Bgi creditors liquidating trust
In order to get the benefits of a bankruptcy court’s “free and clear” order, proper notice is paramount.
Under the plan, Old GM would establish the GUC Trust, a trust to be administered by Wilmington Trust Company.The Bankruptcy Court’s issuance of a section 363 sale order would then prohibit individuals with claims against Old GM from suing New GM based on Old GM’s pre-closing conduct. First, Old GM filed for chapter 11, became a debtor-in-possession under the Bankruptcy Code, and sought the Bankruptcy Court’s authority to sell portions of its business under section 363.Second, New GM (then named “Vehicle Acquisition Holdings LLC”), owned predominantly by the U. Treasury, would acquire Old GM’s auto business but would only take on a few of its liabilities; New GM then could operate the GM auto business free of Old GM’s debts.However, the release sought for New GM from Old GM’s liabilities would be tested by the public revelation of a serious defect in GM vehicle ignition switches that could, among other things, cause vehicles to suddenly lose power and could prevent vehicle airbags from deploying in the event of a crash. The defect led to over 60 vehicle recalls between February and October of 2014.Congressional testimony and an extensive report produced by attorney Anton Valukas on behalf of GM, to which the Second Circuit in its opinion cites extensively, indicates that beginning in 2002, Old GM produced cars with an ignition switch that had failed testing, and that GM was aware of the defect and of complaints, accidents, and fatalities related to the defect, but that GM personnel had at that time downplayed the issue and failed to inform customers of the danger prior to the 2014 recalls.The Bankruptcy Court addressed and dismissed the objections and approved the section 363 sale on July 5, 2009.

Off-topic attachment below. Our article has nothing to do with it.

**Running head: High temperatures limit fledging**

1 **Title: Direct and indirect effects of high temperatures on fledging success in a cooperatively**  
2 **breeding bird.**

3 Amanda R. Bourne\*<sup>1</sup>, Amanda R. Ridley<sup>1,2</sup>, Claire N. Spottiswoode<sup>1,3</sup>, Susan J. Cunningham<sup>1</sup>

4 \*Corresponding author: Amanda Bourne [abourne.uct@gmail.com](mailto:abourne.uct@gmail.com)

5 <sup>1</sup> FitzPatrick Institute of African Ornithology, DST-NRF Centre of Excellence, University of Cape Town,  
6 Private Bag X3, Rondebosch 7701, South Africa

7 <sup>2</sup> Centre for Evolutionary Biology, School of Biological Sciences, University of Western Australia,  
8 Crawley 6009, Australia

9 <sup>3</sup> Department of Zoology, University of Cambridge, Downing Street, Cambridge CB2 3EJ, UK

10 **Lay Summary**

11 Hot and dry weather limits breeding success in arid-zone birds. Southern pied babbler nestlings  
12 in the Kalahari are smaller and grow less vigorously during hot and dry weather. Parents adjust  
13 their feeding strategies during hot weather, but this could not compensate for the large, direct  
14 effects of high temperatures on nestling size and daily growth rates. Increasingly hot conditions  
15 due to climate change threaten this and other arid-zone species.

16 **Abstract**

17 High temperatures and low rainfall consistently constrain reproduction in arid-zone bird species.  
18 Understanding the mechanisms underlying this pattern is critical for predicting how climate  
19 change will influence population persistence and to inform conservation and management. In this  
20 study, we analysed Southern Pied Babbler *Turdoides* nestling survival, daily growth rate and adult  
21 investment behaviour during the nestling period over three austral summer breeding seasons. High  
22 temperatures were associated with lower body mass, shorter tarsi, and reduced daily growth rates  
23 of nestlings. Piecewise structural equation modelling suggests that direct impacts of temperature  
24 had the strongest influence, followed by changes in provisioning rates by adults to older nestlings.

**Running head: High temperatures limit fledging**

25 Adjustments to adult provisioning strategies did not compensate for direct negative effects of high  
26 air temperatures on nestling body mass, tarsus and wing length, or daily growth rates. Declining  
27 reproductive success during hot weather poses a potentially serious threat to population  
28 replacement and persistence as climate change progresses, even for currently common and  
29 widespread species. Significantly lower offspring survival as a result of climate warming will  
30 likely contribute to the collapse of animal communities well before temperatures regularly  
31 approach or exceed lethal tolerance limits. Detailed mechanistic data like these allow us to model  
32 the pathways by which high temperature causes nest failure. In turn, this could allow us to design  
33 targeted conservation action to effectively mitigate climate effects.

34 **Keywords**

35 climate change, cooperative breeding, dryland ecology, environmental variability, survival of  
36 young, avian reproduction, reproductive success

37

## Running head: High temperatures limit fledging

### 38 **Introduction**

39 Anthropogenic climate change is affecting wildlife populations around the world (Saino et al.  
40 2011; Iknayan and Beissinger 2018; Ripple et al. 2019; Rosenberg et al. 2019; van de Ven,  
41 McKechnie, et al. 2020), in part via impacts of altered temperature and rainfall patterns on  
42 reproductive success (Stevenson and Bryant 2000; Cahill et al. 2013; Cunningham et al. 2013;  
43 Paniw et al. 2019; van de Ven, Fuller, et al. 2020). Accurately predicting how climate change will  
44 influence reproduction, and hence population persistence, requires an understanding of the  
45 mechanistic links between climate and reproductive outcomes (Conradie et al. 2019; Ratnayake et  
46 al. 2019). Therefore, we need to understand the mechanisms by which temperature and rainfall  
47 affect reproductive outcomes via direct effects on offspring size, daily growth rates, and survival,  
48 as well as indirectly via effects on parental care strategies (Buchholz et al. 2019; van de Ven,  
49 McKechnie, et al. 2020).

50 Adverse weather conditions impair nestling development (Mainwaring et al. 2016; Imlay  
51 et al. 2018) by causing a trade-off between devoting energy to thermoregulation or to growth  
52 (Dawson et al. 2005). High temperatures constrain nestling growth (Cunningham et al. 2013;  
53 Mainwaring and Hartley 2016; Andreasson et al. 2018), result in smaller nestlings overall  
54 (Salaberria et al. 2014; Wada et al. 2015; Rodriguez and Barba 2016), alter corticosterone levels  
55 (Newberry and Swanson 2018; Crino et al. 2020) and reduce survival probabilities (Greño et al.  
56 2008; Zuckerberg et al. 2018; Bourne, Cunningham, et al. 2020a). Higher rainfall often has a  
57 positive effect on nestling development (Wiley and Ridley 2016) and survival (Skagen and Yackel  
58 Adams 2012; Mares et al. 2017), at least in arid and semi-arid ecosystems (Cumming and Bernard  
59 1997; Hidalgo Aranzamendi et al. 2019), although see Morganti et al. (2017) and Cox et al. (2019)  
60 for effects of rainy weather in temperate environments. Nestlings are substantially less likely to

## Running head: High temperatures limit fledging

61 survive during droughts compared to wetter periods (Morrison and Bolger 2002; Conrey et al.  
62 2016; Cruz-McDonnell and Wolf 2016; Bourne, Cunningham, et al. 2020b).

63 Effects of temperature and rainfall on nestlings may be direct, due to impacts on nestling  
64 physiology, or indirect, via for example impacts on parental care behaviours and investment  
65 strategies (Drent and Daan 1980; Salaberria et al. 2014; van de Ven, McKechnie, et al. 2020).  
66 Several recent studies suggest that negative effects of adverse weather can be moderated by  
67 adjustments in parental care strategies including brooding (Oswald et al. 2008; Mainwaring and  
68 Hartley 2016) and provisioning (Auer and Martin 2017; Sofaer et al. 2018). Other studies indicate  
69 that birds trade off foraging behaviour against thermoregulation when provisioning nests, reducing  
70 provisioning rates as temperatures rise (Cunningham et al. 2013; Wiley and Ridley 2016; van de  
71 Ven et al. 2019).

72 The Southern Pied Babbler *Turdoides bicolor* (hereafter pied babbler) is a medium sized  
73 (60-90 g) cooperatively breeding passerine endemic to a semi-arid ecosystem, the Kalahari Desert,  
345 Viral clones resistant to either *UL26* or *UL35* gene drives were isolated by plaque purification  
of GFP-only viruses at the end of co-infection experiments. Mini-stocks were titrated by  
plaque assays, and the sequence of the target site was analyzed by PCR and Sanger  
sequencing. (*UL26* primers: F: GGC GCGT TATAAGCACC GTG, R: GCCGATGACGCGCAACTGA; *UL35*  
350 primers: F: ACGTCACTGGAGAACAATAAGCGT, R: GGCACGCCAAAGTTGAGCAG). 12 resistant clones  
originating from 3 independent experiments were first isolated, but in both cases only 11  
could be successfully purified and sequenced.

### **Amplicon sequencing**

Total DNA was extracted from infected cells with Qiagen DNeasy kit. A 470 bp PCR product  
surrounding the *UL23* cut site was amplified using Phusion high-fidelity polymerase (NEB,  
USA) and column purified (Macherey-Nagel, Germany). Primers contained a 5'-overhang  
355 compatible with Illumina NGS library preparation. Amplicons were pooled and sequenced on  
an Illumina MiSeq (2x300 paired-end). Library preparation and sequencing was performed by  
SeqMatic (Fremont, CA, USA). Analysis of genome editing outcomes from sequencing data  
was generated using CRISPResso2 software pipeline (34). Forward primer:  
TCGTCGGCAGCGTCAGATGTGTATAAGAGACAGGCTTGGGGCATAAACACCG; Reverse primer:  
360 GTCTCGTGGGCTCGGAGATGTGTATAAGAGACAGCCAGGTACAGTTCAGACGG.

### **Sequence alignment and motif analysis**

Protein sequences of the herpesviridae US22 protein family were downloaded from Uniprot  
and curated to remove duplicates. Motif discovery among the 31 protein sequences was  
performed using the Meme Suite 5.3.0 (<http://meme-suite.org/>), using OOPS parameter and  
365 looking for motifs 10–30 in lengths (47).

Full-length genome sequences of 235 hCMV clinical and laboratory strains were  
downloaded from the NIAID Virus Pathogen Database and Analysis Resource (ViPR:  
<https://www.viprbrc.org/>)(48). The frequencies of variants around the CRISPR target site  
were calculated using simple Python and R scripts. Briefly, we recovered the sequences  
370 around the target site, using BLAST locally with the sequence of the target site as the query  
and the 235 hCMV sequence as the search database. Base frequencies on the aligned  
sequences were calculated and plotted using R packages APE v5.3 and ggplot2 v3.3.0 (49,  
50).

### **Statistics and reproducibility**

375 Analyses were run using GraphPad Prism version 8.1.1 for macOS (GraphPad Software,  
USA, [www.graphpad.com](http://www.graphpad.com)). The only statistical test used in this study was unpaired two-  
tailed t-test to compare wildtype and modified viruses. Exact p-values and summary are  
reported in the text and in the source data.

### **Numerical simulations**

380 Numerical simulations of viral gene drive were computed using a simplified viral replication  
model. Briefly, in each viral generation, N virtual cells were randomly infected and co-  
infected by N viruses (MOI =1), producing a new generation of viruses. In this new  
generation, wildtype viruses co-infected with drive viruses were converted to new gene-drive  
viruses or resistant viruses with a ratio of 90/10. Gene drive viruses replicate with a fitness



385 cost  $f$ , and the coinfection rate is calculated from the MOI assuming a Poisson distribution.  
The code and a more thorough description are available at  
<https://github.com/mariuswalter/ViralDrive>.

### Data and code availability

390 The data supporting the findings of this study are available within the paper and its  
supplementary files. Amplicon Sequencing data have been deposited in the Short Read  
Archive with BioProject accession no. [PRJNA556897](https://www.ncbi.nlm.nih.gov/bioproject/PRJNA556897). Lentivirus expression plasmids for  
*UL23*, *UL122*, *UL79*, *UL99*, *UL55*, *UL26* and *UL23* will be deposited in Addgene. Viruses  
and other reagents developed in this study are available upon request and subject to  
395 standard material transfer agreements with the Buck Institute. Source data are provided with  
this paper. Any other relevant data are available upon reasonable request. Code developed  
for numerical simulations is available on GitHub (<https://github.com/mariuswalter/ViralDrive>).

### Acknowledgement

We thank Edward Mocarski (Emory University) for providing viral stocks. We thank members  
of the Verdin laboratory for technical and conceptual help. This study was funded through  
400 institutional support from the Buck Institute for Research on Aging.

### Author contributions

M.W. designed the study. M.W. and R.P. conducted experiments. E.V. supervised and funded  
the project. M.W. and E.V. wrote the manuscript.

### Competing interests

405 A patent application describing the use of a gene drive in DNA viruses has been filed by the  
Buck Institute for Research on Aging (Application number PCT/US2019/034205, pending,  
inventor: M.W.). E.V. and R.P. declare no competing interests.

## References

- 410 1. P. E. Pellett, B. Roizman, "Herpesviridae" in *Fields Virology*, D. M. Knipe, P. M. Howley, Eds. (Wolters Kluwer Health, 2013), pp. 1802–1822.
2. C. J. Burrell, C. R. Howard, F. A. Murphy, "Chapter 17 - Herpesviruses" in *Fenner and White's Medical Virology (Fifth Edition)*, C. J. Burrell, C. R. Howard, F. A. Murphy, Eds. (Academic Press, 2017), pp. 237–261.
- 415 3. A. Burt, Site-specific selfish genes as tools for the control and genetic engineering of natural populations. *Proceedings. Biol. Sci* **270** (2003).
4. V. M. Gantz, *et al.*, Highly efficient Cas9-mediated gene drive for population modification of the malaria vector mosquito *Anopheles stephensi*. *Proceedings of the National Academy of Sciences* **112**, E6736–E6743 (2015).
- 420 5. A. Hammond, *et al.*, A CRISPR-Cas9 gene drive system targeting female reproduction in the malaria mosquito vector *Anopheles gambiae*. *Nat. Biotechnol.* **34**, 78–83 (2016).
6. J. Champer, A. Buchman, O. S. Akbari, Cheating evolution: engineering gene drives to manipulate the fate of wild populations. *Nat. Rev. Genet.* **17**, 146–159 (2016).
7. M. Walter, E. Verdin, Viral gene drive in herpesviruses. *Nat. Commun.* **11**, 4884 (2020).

It then issued the final sale order (the “Sale Order”), which rendered effective the final sale agreement between Old GM and New GM.
Almost immediately upon the 2014 recalls being announced, individuals filed dozens of class action lawsuits against New GM claiming the ignition switch defect caused personal and economic injuries both before and after the section 363 sale closed. The estimated amount of these claims is between $7 and $10 billion in economic losses alone. In response, New GM raised the section 363 Sale Order, arguing that the Sale Order’s “free and clear” provision barred the plaintiffs from pursuing these claims. Bankruptcy Court Opinion The issue came before the Bankruptcy Court in April 2014, when certain plaintiffs raising ignition switch defect claims initiated an adversary proceeding against New GM, and New GM moved to enforce the Sale Order to enjoin those claims.
The proceedings eventually involved multiple classes of individuals, including: (i) individuals who suffered pre-closing (i.e., July 10, 2009) injuries arising from the ignition switch defect in Old GM Cars (“Pre‐Closing Accident Plaintiffs”); (ii) individuals alleging economic losses arising from the ignition switch defect (“Ignition Switch Plaintiffs”), a group that included individuals who had purchased Old GM cars on the used car market (i.e., they were not in direct privity of contract with Old GM) after the section 363 sale closed (“Used Car Purchasers”); and (iii) individuals alleging damages arising from defects other than the ignition switch in Old GM cars (“Non‐Ignition Switch Plaintiffs”). The Bankruptcy Court ruled against the Pre‐Closing Accident Plaintiffs, Ignition Switch Claimants, and Non-Ignition Switch Plaintiffs in a series of three decisions, though it did make an exception for those plaintiffs with claims based on New GM’s own wrongful conduct. Most importantly, although the Bankruptcy Court held that the plaintiffs lacked notice of the section 363 sale consistent with procedural due process, it found that the plaintiffs had not been prejudiced by the lack of notice. The Bankruptcy Court reasoned that it would have granted the Sale Order even if the plaintiffs had filed objections, and so the failure of the plaintiffs to receive notice of the proceedings had not changed the outcome.
When buying assets from a debtor in bankruptcy, purchasers have relied for years on the debtor’s ability to sell assets “free and clear” in a bankruptcy sale under section 363 of the Bankruptcy Code.
The purchaser can then obtain the assets “cleansed” of the debtor-seller’s liabilities, including, it was widely assumed, product liability claims against such debtor-seller.
Despite the “free and clear” nature of the sale, New GM voluntarily agreed to assume 15 categories of liabilities, including liabilities for accidents after the closing date for the section 363 sale and the obligation to make repairs pursuant to express warranties issued in connection with the sale of GM cars.